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Saturday, July 9, 2016

The Rabbi Bernard "Barry" Freundel Criminal Voyeurism Case

     For 25 years, Modern Orthodox Rabbi Bernard "Barry" Freundel was the spiritual leader of the Kesher Israel Synagogue in the Georgetown section of Washington, D.C. Former U.S. Senator from Connecticut Joe Lieberman and U.S. Treasury Secretary Jack Lew were members of Rabbi Freundel's congregation.

     A resident of O Street in Washington, the 62-year-old rabbi was known for his success in helping women convert to Orthodox Judaism. An expert on Jewish law, Rabbi Freundel held the position of Vice President of the Vaad (Rabbinical Counsel) of Greater Washington. He also worked as a professor at nearby Townson University where he taught courses on Judaism and ethics. As a widely known expert on these subjects, the rabbi was a visiting scholar at Princeton, Yale, and Cornell and regularly presented guest lectures at Columbia University and the University of Chicago.

     While Rabbi Freundel enjoyed a sterling reputation in academia and among the vast majority of his congregants, concerns were raised in 2012 regarding his treatment of women undergoing conversion under his guidance. Several women going through the process complained that the Rabbi enjoyed wielding power over their lives. For example, they felt coerced into performing clerical duties such as organizing his files, opening his mail, paying his bills, taking dictation, and responding to emails on his behalf. Moreover, these vulnerable women felt pressured to donate money to the rabbi's favorite causes.

     On October 14, 2014, the roof collapsed on Rabbi Freundel's personal and professional life of privilege and respect when officers with the Washington D.C. Police Department placed him under arrest. He was charged with six counts of misdemeanor voyeurism.

     Rabbi Freundel stood accused of installing a clock radio equipped with a hidden video camera in a synagogue shower room. He had allegedly filmed women showering before taking their ritualistic purification baths in a large tub called the mikvah.

     Jewish women and women converting to Judaism are required under Orthodox religious law to immerse themselves in the mikvah every month after menstruating and before having sex with their husbands.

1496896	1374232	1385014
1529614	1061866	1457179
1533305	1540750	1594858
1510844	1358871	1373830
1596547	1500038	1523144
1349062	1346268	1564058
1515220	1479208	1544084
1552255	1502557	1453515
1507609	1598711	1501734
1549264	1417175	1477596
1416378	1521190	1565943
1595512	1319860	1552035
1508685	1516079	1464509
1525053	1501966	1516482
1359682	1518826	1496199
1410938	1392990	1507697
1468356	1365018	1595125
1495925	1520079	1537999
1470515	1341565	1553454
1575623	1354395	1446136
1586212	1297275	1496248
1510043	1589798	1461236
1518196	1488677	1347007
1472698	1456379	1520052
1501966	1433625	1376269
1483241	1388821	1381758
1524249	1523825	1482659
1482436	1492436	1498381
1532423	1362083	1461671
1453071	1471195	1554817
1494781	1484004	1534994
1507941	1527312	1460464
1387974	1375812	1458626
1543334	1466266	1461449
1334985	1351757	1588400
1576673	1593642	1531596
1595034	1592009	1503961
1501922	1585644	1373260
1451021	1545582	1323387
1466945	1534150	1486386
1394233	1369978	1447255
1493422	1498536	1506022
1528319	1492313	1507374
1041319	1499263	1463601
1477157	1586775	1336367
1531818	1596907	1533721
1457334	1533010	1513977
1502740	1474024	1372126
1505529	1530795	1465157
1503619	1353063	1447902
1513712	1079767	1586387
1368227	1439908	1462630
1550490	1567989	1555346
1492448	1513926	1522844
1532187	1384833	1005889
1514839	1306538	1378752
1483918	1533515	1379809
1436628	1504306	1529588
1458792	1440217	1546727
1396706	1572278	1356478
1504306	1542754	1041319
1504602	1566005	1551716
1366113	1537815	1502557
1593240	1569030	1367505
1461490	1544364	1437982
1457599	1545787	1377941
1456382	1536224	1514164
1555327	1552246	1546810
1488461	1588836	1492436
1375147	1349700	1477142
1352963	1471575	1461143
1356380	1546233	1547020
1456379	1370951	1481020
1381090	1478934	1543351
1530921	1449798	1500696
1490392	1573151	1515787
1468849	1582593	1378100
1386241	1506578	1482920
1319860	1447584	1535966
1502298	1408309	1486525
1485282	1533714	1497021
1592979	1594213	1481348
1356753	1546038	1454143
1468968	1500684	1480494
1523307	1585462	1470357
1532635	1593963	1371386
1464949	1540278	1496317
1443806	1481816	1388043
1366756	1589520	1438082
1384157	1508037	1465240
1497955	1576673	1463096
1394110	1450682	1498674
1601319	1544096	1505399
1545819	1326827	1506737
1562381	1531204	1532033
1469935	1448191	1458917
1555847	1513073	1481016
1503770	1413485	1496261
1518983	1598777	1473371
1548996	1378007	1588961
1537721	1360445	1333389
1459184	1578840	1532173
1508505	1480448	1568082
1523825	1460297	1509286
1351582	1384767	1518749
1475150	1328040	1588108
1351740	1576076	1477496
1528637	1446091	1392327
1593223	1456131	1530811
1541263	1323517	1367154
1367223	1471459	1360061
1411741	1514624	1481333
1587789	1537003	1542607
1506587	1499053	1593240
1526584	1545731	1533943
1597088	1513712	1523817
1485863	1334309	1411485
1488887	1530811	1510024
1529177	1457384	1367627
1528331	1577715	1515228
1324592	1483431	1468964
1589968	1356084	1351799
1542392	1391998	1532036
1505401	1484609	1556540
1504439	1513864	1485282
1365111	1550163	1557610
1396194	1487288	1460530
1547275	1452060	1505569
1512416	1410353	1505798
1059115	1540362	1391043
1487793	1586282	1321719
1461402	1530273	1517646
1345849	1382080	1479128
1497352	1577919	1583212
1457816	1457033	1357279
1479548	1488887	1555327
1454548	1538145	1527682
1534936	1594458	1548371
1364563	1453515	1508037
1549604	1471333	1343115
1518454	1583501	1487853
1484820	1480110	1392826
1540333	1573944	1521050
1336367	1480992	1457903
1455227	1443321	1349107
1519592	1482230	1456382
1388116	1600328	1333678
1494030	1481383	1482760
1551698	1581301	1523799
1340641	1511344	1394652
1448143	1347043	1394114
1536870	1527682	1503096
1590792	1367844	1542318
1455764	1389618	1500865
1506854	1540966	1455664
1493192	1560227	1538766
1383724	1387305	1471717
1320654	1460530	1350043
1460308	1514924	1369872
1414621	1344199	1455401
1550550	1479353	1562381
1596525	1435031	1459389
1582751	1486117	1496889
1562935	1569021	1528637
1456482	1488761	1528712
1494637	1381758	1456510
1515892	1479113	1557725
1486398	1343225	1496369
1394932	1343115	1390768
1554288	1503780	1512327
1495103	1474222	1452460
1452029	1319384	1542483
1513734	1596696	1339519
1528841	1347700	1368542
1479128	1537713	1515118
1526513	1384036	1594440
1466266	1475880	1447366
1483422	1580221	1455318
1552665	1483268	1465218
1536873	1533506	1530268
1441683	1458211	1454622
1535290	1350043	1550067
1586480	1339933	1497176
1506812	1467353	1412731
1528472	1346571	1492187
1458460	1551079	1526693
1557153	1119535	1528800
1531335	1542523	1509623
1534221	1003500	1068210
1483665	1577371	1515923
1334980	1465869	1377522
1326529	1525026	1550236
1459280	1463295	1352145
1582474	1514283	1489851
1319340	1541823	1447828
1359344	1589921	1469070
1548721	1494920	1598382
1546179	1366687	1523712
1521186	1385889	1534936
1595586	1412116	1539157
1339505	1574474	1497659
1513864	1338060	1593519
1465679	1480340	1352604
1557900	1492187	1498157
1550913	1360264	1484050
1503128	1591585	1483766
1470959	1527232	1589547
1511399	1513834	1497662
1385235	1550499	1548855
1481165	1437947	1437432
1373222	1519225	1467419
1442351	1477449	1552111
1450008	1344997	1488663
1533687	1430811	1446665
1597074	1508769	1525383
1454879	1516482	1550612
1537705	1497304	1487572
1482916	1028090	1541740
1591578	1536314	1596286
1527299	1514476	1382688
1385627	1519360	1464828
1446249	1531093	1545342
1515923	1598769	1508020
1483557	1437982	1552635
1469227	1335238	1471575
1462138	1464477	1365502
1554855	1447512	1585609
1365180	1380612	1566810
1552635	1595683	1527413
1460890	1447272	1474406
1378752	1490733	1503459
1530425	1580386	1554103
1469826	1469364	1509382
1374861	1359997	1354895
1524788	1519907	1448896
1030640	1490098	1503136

Shortly after Rabbi Freundel's arrest, Jewish authorities suspended him without pay from his position at the Kesher Israel Synagogue.

     On October 20, 2014, a Townson University spokesperson announced that the school had opened an internal Title IX investigation to determine if the rabbi had practiced gender or sex discrimination at the university. The school banned the former Judaism and ethics professor from its campus which is located in Maryland between Washington, D.C. and Baltimore.

     The Freundel voyeurism scandal triggered a discussion and inquiry into the possible widespread abuse of female converts by Orthodox rabbis.

     Rabbi Freundel pleaded not guilty to the charges and was set free after posting his bail. If convicted of all six counts, he faced up to six years behind bars.

     On February 11, 2015, several of the rabbi's alleged victims met with federal prosecutors at the U.S. Attorney's Office in Washington, D.C. The meeting had been called to discuss the benefits of a plea bargained deal in the case. Prosecutors, in discussing the Freundel investigation, said that since 2009 the former rabbi had secretly filmed 152 women. Of these crimes, 88 occurred more than three years ago and therefore couldn't be prosecuted because of the statute of limitations. Prosecutors did not reveal to the media how the victims at the meeting had responded to the idea of a plea bargained deal for the ex-rabbi.

     Freundel, on February 19, 2015, pleaded guilty to having secretly videotaped 52 naked women as they prepared to immerse themselves in the ritual bath.

     On May 16, 2015, after sixteen of his victims--some in tears--addressed the court, Judge Geoffrey Alprin sentenced Bernard Freundel to 45 days on each of 52 counts of criminal voyeurism. That came to just under six and a half years in federal prison. 

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